The dark past we cannot forget
For a minute put yourself in the place of Pervin Buldan, who was elected to Parliament from the pro-Kurdish Peace and Democracy Party (BDP).
On the night of June 2, 1994 when your husband did not show up and you are expecting a baby. Two days later, it becomes clear that your husband has been murdered. All of a sudden you start having labor pains. You are hospitalized and you give an early birth to your second child. You are a young woman from Hakkari. Your husband no doubt has been killed by the state. You are in Istanbul with two kids, all on your own. Every Saturday, you go to the Galatasaray Square and become a “Saturday mother” for four consecutive years. But to no avail. The pain grows inside you. On one side, you try to hang on to life with your kids sentenced to grow up without a father, on the other side, you have a political struggle.
Twenty years pass by. You have never forgotten your husband, not a single day. You chased your husband’s killers, but the doors were closed at your face.
You know the state has killed him. But who pulled the trigger? Who gave the order to pull the trigger?
Actually, you know these too. But knowing is something, proving is something else. There is already a legal case you are a part of. One day, the state decides to send an informer for the National Intelligence Agency’s (MİT) voice recordings to the court, where he explains all the details to his superiors of all the killings, including your husband’s murder, only a short while after his murder.
Some people have sat on those tape recordings for 20 years... Some people who knew about those murders did not share this information with prosecutors, the police or the courts.While you try to raise your kids without the seeds of hatred, working hard to make them stay “normal,” the voice of a man who talks about the killing of your husband with all those shocking details remains unearthed, waiting in dusted drawers.
We are all human. We want to forget bad things; we don’t want to live with bad memories.But the way for that is not to totally forget it; to act as if it did not happen at all. Our mourning will not end unless we settle the accounts with these bad memories and see those who have inflicted all those bad things on us receive the punishment they deserve.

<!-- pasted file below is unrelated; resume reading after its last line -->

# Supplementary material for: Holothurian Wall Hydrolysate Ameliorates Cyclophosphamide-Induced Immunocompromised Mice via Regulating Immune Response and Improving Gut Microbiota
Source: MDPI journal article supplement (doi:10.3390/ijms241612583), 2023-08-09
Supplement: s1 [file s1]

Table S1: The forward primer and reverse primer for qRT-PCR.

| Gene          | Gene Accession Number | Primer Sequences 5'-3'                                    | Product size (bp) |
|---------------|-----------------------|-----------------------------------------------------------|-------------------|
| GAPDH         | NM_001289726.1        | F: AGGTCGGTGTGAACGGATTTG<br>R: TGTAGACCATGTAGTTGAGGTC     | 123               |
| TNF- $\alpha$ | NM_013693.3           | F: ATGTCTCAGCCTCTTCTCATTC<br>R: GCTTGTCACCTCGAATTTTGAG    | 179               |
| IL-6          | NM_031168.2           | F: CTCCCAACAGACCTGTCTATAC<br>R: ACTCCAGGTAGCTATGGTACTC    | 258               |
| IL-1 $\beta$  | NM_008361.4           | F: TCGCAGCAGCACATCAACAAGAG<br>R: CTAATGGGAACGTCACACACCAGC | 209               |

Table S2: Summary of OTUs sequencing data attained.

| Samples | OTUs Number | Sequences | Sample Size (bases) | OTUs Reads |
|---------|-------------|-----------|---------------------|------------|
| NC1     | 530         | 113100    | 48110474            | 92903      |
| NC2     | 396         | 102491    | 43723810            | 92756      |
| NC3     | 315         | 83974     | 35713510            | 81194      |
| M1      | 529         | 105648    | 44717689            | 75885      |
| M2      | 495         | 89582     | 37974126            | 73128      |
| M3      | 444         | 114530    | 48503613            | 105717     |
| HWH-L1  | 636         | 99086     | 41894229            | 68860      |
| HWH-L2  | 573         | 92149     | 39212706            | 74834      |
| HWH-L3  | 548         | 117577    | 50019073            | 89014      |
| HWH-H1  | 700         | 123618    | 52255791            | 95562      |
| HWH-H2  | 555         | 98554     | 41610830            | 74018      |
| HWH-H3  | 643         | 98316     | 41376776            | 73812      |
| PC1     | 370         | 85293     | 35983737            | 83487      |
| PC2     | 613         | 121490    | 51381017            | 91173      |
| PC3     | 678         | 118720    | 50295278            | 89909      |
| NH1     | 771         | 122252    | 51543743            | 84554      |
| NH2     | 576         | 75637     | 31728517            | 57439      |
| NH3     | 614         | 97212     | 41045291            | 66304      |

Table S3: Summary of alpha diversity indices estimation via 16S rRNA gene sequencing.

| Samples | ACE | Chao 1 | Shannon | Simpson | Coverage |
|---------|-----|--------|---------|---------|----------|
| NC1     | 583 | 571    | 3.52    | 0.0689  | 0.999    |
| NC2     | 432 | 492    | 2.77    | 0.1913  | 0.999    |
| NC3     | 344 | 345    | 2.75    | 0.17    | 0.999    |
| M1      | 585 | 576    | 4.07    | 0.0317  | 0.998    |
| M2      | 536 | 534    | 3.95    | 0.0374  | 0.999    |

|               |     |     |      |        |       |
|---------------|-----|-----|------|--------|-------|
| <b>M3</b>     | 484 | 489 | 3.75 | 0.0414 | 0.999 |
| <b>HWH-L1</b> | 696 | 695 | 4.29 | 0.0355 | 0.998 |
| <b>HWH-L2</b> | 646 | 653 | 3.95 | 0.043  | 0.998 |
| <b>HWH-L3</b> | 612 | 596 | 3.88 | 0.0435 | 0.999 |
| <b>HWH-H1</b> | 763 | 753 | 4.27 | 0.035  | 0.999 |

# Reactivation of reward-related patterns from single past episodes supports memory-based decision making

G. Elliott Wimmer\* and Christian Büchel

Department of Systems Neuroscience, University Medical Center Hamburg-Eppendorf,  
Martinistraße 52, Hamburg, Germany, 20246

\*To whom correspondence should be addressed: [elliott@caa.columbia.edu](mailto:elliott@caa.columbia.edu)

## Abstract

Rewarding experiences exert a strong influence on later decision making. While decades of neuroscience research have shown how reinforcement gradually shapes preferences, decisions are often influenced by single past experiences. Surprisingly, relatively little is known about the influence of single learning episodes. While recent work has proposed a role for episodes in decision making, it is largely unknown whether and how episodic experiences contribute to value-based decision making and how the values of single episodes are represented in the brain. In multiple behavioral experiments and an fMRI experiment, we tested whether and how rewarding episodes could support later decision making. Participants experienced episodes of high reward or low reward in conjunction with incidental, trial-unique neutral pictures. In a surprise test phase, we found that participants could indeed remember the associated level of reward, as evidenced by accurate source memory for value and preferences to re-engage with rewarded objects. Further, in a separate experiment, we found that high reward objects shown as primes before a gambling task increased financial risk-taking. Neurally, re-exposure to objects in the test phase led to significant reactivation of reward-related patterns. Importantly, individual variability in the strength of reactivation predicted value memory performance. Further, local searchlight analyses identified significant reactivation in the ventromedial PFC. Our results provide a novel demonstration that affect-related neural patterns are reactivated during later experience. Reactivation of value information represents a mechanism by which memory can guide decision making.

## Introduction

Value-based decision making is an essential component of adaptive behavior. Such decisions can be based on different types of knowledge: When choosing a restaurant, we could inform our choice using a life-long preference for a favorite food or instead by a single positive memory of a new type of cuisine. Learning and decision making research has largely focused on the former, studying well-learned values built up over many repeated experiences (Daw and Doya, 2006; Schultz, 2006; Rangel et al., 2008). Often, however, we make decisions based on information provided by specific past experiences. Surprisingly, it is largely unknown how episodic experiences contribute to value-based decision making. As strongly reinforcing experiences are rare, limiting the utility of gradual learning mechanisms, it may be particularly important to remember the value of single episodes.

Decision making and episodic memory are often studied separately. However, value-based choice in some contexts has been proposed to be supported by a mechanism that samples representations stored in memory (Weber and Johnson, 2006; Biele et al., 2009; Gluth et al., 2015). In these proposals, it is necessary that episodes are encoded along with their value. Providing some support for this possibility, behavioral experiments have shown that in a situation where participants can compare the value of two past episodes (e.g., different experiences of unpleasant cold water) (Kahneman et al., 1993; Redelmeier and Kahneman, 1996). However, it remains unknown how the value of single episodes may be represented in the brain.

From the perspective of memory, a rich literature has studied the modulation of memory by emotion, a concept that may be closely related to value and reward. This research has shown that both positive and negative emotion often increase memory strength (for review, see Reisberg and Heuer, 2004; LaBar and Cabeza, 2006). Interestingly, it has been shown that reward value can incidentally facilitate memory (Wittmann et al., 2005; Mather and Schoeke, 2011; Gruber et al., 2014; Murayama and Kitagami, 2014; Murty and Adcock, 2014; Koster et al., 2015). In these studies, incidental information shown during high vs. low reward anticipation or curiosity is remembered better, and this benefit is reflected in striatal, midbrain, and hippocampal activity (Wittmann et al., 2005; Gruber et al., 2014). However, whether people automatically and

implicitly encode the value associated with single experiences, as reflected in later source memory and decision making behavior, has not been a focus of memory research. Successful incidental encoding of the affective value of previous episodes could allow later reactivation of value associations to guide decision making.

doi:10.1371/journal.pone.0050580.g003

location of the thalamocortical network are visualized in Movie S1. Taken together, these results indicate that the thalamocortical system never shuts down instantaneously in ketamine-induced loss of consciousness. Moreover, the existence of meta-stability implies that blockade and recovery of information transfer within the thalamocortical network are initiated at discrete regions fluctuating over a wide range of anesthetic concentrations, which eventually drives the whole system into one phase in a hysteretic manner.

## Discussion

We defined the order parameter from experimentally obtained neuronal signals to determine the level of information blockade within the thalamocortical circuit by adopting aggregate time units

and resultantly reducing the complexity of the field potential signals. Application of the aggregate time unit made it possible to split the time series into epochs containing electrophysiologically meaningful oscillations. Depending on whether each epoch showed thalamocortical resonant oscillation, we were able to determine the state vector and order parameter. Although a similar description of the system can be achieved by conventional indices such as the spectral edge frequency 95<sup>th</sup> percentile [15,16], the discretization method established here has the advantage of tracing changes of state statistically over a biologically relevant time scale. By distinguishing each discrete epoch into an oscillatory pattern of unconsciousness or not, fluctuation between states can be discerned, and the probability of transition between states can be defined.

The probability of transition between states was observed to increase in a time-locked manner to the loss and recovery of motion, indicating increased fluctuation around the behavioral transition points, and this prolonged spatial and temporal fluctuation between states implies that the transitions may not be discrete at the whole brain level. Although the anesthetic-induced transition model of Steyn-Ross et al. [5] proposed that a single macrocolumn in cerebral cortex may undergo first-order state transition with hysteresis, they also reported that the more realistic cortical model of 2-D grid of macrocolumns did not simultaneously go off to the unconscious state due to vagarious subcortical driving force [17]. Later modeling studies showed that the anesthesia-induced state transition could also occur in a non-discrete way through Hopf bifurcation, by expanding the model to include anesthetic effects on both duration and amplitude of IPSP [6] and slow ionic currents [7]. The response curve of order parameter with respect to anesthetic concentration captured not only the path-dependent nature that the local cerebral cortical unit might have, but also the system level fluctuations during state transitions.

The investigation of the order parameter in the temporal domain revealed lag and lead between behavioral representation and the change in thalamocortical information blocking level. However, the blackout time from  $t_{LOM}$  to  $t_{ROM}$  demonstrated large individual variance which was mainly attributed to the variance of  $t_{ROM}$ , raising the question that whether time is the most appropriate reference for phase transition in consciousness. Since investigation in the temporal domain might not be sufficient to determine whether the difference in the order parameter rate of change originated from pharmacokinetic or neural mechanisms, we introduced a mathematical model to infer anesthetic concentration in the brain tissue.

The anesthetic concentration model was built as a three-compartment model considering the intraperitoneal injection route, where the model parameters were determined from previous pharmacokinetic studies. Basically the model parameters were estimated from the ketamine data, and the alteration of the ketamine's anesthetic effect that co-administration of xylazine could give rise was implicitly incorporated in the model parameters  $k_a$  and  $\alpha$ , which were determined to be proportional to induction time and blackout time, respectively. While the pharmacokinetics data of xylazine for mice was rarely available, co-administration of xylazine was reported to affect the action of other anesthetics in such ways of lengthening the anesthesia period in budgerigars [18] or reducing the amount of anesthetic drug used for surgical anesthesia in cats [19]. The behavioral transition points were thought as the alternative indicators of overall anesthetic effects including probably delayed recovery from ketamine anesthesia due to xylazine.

Both this state and this society owe not only an apology, but need to thank Buldan for her patience over the last 20 years
A democracy project
My generation loves to talk using the concepts “internal dynamics, external dynamics.”
The dominant conviction is that westernization, modernization and finally democratization came to our country thanks to “external dynamics.” We attribute the shortcomings in both modernization and democratization to “external dynamics;” there are shortcomings because we have not internalized modernization and democratization.Our latest democratization move thanks to “external dynamics” was the reforms undertaken with the hope to start membership negotiations with the European Union.We contended by fulfilling Copenhagen criteria and then we stopped there.
For the past two years, we have had a democratization project without someone showing us a stick or a carrot. We call it “the solution process;” and we all know this is not simply about the outlawed Kurdistan Workers’ Party (PKK) to lay down its arms. In other words, it is clear that the PKK, which is the most visible part of the huge problem we call the “Kurdish problem,” will not lay its arms unless there is enough human rights and democracy in the country. Turkey is undertaking a huge democratization with its internal dynamics.This project needs to be supported by everybody who complains about the obvious democracy deficit in Turkey and continue with a much wider participation.
Unfortunately the war for power can highjack this project.